I'm currently in the wilds of Alaska, learning about the training of sled dogs. Nevertheless, word of the Supreme Court's five most recent decisions has traveled northward. While none of these decisions is earthshaking, they are not uninteresting or unimportant, especially to those like health care and employee benefits lawyers.
On June 15, the Court decided five cases and dismissed a sixth. A case of great importance to health care lawyers, regarding the availability of judicial review of Medicare rates for pharmaceuticals, and another of great importance to labor and employment lawyers, holding that a significant portion of the California Private Attorneys General Act's (PAGA’s) delegation of state enforcement power is preempted by federal law, lead the pack.
Further evidencing an ongoing shift from more absolutist thinking about the intersection between the First Amendment's Establishment Clause and an individual's or group's right of free speech, we find this morning's unanimous decision in Shurtleff v. Boston in which the Court, reversing the First Circuit, held that the city of Boston violated the free speech clause of the First Amendment when it refused to let a group fly a Christian flag outside city hall. As Justice Breyer explained, in what will be among the last of his opinions:
I write this from London on the eve of the announcement that the nomination of Judge Ketanji Brown Jackson to succeed Justice Breyer is about to go to the full Senate for confirmation. Those who follow my writings will know that I am among a group of right-of-center former public officials in Republican administrations who are on record as supporting this nomination of an experienced and well-qualified federal judge.
Late in the afternoon of January 19th, the Supreme Court dealt a crippling blow to the argument of the defeated former President, when by an 8-1 majority (Thomas, J., dissenting), the Court denied Mr. Trump's application for a stay of the mandate and injunction pending the review of the decision of the D.C. Circuit in the case of Trump v. Thompson, ordering the transmission by the Archivist of the documents sought by the House Select January 6th Committee.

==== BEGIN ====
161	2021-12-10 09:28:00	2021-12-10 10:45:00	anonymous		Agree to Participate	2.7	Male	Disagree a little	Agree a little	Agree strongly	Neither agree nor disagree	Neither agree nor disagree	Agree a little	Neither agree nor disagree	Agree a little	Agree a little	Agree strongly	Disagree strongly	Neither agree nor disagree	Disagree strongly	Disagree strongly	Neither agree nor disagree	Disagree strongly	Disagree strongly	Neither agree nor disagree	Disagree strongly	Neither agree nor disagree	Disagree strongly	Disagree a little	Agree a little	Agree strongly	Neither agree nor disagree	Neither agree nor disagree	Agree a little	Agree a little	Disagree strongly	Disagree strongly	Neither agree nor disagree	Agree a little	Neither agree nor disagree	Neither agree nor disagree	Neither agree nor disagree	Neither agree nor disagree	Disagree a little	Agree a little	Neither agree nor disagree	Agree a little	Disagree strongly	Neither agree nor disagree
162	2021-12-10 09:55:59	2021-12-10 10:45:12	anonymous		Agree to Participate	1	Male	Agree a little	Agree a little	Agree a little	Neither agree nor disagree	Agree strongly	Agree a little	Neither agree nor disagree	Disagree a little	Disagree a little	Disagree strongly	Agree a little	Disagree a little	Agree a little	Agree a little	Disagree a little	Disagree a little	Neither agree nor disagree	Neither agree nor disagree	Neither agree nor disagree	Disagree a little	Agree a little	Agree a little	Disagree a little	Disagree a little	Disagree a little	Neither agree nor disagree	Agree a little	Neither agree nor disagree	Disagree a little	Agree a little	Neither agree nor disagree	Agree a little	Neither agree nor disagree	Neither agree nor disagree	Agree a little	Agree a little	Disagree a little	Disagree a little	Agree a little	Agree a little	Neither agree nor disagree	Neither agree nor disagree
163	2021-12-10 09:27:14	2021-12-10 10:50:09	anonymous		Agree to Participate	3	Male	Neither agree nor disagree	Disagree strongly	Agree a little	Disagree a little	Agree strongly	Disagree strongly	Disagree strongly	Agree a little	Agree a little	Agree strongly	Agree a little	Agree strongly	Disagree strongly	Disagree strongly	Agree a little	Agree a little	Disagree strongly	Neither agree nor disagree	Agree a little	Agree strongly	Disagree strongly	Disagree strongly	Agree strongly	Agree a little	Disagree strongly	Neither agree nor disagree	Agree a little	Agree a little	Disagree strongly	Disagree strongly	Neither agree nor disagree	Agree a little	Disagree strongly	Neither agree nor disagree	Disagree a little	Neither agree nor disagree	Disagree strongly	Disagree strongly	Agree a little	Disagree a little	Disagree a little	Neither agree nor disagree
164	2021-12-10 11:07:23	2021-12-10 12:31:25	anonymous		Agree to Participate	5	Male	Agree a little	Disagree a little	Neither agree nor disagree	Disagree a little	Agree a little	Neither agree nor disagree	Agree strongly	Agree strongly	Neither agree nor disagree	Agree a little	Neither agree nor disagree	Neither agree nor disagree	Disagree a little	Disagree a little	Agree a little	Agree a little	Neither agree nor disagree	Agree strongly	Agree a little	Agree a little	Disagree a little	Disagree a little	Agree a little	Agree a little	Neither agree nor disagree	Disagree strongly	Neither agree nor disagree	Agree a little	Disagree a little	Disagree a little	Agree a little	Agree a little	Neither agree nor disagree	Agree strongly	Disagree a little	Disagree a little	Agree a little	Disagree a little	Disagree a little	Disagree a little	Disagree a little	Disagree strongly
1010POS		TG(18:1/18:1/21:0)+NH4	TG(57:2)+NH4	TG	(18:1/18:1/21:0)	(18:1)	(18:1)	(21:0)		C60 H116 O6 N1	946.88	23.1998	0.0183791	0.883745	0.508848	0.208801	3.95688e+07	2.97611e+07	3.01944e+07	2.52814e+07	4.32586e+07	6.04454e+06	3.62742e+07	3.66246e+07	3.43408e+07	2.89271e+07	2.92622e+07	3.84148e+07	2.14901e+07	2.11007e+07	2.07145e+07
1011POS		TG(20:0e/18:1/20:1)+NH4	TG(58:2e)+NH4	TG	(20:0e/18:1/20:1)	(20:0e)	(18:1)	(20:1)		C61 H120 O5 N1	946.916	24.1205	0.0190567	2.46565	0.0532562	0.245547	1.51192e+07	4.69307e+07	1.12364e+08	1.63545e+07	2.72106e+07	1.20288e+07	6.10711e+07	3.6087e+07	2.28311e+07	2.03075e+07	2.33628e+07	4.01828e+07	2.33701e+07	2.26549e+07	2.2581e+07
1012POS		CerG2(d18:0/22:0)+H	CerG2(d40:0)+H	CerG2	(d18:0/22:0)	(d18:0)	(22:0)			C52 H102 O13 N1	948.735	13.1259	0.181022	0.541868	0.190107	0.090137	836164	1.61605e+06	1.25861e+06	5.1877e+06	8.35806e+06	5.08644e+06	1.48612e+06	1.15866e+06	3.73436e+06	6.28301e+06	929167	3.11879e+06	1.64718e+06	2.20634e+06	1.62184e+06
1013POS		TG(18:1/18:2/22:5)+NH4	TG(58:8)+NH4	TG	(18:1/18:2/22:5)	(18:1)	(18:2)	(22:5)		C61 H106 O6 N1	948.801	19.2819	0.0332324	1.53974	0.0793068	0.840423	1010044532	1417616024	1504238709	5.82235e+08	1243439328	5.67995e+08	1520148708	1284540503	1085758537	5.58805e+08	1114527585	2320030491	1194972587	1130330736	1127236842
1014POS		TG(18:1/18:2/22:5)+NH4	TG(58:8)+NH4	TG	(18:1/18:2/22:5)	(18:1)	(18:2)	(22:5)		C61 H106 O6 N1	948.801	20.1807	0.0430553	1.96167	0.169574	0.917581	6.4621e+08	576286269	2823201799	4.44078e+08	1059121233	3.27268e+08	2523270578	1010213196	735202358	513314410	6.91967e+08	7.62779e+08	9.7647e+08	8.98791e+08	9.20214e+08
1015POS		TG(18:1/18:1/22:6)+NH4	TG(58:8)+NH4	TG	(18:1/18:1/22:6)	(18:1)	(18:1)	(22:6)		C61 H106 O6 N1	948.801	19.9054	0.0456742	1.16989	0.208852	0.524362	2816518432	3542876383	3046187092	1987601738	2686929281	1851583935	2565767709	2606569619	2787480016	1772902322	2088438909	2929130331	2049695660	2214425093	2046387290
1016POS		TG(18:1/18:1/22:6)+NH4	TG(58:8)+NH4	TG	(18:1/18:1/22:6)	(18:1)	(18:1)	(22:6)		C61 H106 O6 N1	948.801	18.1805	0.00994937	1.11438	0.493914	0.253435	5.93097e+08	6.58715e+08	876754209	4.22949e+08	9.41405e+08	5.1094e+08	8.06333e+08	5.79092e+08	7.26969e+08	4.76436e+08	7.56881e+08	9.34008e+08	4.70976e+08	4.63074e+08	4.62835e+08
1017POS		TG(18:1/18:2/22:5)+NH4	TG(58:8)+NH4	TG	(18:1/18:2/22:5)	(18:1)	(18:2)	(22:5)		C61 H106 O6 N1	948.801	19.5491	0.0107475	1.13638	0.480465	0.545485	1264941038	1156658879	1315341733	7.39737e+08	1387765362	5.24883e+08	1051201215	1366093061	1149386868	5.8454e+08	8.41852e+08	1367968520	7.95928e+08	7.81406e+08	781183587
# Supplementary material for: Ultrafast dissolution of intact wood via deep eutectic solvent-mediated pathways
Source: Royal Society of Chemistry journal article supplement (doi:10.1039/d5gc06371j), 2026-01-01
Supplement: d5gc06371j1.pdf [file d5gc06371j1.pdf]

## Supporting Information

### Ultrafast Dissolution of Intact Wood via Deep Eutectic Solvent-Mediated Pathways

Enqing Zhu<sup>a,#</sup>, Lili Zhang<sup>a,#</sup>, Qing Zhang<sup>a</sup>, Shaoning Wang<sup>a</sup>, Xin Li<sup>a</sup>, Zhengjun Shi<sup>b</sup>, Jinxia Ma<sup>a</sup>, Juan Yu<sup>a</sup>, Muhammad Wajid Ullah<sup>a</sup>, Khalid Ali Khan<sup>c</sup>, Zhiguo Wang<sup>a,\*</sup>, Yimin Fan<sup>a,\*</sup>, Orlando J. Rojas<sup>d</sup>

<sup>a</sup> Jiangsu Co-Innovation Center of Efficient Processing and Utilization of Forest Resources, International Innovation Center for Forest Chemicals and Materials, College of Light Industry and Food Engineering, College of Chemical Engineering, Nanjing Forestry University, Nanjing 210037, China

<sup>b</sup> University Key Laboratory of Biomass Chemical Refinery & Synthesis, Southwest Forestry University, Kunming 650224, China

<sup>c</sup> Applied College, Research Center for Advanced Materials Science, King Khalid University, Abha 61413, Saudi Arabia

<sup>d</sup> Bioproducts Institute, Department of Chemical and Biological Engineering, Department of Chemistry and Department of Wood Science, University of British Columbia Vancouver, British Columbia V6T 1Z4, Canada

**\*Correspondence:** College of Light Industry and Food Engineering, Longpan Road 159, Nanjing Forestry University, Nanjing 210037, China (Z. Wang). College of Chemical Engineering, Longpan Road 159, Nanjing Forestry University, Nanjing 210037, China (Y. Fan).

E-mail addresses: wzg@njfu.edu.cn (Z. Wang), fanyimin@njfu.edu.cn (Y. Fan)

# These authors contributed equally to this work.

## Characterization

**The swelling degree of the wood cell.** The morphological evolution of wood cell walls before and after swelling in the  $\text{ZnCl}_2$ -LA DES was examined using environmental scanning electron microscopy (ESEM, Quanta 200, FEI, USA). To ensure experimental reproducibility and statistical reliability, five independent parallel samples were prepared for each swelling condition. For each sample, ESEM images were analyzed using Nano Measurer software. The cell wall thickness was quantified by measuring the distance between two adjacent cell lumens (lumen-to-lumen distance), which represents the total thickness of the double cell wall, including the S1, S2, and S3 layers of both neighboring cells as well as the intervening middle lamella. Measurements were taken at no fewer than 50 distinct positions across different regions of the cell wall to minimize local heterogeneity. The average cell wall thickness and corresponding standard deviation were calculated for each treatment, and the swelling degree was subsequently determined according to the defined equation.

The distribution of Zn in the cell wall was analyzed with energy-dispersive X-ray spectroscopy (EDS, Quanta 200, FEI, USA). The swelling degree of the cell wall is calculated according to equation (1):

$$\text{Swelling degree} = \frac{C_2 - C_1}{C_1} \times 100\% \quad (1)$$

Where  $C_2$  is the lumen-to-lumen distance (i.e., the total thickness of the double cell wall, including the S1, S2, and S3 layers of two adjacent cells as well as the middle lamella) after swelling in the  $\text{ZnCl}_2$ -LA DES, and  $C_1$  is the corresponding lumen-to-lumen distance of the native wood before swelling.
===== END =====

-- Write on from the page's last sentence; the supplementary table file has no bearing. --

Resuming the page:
Our colleague Stuart Gerson of Epstein Becker Green has a new post on SCOTUS Today that will be of interest to our readers: "The Justices Show Again That They Are Not Politicians in Robes."
The following is an excerpt:
A short note about the Supreme Court’s decision today in Borden v. United States, in which it considered whether a felon-in-possession gun charge qualified as a “violent felony” under the Armed Career Criminal Act (“Act”), 18 U. S. C. §924, which provides enhanced penalties for criminals convicted of certain firearms offenses who have at least ...
Our colleague Stuart Gerson of Epstein Becker Green has a new post on SCOTUS Today that will be of interest to our readers: Court Favors Judicial Review in Railroad Benefits Case, Remands Two Cases Concerning Nazi-Era Looted Property.
The following is an excerpt:
The Supreme Court decided three cases Wednesday, two of them related. None of them could be characterized as a blockbuster ruling or even a matter of broad national interest. One of them, however, will garner much inside-baseball commentary because the 5-4 majority that decided it included the Chief Justice and Justice ...